Call 911 if the person has:
- Difficulty breathing or wheezing
- Tightness in the throat or a feeling that the airways are closing
- Hoarseness or trouble speaking
- Swollen lips, tongue, or throat
- Nausea, abdominal pain, or vomiting
- Fast heartbeat or pulse
- Anxiety or dizziness
- Loss of consciousness
- Had severe reactions in the past
Questions to ask your doctor:
- Can the reaction happen again?
- What's my risk of anaphylaxis, a serious reaction that's sometimes life-threatening?
- What insects am I allergic to?
- What should I do if I get stung?
- Should I carry an epinephrine injection kit (Auvi-Q, Adrenaclick, EpiPen, Symjepi or a generic version of the auto-injector)?
1. Avoid the Trigger
- Hives and angioedema that happen suddenly are usually triggered by an allergic reaction to a food, drug, or insect bite or sting.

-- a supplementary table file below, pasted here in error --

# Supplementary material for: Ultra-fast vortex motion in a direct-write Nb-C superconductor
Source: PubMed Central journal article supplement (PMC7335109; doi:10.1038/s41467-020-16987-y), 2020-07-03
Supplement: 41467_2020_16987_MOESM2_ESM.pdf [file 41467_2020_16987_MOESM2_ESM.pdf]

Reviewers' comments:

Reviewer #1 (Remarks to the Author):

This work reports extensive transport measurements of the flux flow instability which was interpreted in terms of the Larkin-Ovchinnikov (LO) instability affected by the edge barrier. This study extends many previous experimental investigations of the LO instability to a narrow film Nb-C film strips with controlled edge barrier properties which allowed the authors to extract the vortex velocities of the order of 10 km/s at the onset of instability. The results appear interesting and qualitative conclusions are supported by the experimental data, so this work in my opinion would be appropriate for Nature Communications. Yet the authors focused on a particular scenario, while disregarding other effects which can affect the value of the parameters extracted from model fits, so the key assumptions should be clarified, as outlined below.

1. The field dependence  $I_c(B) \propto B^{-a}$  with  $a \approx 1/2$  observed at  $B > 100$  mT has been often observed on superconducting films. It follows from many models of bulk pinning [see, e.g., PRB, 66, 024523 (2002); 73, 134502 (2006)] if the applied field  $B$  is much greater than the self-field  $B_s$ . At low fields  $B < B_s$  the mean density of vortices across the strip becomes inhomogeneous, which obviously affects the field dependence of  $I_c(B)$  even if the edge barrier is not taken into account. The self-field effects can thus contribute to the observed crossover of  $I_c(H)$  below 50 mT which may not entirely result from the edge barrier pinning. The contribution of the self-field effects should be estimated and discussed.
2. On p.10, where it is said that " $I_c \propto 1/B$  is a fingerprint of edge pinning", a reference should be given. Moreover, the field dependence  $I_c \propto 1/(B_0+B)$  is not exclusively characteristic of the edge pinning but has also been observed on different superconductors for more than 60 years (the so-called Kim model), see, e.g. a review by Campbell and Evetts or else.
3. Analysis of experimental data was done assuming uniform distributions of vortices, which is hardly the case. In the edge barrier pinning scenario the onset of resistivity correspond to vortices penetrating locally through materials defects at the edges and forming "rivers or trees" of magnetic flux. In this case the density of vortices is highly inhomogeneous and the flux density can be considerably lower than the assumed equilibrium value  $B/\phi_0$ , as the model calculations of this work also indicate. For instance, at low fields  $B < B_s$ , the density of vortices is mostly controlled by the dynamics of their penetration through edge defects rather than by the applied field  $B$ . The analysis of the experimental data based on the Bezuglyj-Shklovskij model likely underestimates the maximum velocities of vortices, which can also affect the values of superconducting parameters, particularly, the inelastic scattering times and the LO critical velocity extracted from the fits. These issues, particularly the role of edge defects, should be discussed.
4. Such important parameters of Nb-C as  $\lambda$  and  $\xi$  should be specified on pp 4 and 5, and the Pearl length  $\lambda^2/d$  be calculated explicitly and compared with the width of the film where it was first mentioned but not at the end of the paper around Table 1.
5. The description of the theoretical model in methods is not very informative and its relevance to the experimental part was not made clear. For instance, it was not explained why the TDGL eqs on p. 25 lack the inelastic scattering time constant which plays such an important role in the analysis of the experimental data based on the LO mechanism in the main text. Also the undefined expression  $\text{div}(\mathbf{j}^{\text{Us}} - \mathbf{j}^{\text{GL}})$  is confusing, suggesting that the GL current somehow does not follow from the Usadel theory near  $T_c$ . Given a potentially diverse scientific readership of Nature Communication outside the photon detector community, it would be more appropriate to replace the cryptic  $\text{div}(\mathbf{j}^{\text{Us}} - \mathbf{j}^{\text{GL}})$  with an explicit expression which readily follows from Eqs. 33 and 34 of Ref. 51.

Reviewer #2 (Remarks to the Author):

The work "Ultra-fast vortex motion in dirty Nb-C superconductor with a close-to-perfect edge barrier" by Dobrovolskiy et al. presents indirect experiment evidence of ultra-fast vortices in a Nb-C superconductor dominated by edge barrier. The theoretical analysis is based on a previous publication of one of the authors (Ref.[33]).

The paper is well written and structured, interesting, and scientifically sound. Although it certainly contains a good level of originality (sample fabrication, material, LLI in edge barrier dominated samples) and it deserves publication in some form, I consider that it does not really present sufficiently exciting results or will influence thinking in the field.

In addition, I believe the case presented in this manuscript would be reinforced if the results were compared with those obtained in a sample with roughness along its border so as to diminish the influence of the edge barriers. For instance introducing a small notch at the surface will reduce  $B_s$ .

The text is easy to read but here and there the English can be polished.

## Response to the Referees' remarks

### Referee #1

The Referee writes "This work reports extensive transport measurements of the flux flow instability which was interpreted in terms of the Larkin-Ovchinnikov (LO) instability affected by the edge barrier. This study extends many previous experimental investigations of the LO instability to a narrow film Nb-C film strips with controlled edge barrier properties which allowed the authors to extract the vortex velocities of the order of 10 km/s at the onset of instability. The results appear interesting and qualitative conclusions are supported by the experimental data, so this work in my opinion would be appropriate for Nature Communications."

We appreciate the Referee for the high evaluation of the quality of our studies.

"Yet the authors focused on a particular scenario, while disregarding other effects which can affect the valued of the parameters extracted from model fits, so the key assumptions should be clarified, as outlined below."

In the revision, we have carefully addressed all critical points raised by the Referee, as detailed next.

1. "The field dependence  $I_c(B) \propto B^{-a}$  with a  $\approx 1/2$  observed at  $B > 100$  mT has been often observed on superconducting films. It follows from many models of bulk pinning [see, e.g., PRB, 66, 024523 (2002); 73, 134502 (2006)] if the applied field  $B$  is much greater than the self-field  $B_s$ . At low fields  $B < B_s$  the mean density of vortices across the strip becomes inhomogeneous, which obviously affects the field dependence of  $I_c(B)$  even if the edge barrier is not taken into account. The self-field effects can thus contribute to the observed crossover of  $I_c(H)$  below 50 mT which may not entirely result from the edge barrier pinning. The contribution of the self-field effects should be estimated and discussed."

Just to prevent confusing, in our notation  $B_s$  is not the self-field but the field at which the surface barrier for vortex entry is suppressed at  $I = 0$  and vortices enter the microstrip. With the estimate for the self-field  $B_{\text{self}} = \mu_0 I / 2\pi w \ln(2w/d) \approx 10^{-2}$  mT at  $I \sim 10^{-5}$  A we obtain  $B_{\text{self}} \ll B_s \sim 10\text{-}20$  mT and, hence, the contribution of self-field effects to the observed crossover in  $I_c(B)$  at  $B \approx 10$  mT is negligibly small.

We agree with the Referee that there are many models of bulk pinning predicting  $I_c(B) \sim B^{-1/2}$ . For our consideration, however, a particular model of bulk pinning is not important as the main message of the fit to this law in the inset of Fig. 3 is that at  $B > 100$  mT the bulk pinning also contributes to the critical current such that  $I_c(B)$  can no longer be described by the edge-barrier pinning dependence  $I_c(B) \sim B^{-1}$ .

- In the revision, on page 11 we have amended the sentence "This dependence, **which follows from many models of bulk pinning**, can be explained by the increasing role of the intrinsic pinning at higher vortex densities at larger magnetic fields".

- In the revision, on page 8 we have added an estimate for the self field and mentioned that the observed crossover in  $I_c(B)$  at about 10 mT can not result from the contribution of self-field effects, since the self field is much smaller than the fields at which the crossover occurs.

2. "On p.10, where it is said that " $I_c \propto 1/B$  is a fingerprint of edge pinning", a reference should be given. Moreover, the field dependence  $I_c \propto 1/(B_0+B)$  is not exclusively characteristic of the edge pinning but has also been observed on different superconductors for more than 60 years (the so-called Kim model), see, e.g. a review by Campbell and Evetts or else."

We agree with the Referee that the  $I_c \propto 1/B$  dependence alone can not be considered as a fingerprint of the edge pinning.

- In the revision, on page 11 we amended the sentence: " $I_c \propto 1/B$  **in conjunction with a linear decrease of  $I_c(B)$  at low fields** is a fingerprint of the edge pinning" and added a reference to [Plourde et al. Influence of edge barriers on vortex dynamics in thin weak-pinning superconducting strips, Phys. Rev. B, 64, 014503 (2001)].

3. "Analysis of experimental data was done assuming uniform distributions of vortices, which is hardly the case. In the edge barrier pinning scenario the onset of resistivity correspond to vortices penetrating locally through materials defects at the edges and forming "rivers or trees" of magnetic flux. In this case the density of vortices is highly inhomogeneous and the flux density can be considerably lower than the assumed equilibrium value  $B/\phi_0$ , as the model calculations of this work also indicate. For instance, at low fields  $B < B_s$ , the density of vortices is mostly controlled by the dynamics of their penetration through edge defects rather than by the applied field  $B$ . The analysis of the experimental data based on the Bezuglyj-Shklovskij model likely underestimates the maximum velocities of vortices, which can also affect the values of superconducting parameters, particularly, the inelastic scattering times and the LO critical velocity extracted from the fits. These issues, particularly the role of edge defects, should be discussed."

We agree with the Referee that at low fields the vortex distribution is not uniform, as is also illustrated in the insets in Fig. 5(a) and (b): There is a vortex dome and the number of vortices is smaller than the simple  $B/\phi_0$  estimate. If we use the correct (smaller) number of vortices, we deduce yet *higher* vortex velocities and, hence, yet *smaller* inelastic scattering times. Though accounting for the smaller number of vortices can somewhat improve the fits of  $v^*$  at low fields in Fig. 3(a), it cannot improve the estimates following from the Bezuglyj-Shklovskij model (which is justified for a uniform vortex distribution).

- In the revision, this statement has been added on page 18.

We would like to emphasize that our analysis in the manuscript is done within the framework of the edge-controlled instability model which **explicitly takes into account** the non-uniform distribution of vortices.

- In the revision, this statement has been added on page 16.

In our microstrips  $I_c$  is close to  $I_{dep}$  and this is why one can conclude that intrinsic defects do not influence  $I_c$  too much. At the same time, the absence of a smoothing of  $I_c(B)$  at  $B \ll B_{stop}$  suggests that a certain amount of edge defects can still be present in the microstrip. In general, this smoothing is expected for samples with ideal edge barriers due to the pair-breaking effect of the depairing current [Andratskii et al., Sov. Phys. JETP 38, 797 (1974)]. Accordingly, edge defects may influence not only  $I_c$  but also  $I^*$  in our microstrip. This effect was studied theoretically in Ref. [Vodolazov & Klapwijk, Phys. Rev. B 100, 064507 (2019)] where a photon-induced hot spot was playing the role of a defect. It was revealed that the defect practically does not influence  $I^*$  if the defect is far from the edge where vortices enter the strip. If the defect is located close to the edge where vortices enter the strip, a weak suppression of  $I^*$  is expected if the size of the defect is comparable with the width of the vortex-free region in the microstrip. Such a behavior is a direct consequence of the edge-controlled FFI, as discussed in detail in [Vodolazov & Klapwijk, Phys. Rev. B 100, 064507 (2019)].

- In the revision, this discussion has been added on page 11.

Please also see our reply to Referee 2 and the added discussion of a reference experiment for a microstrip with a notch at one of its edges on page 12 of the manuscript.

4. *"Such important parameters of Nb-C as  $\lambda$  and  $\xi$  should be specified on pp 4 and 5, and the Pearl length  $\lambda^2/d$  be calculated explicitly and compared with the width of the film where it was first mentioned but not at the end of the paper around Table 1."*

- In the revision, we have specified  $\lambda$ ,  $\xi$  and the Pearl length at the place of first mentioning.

- If you know what the trigger is, keep the person away from it.
2. Control Itching and Swelling
- Give an adult an over-the-counter antihistamine. Check with a doctor before giving an antihistamine to a child.
- Put a cool compress on the area or have the person take a cool shower.
- Avoid strong soaps, detergents, and other chemicals that can make itching worse.
3. Follow Up
- It may take several days for the trigger substance to leave the body. Continue treatment until symptoms subside.
- If symptoms persist, or to help identify the allergen that caused the hives, see a doctor.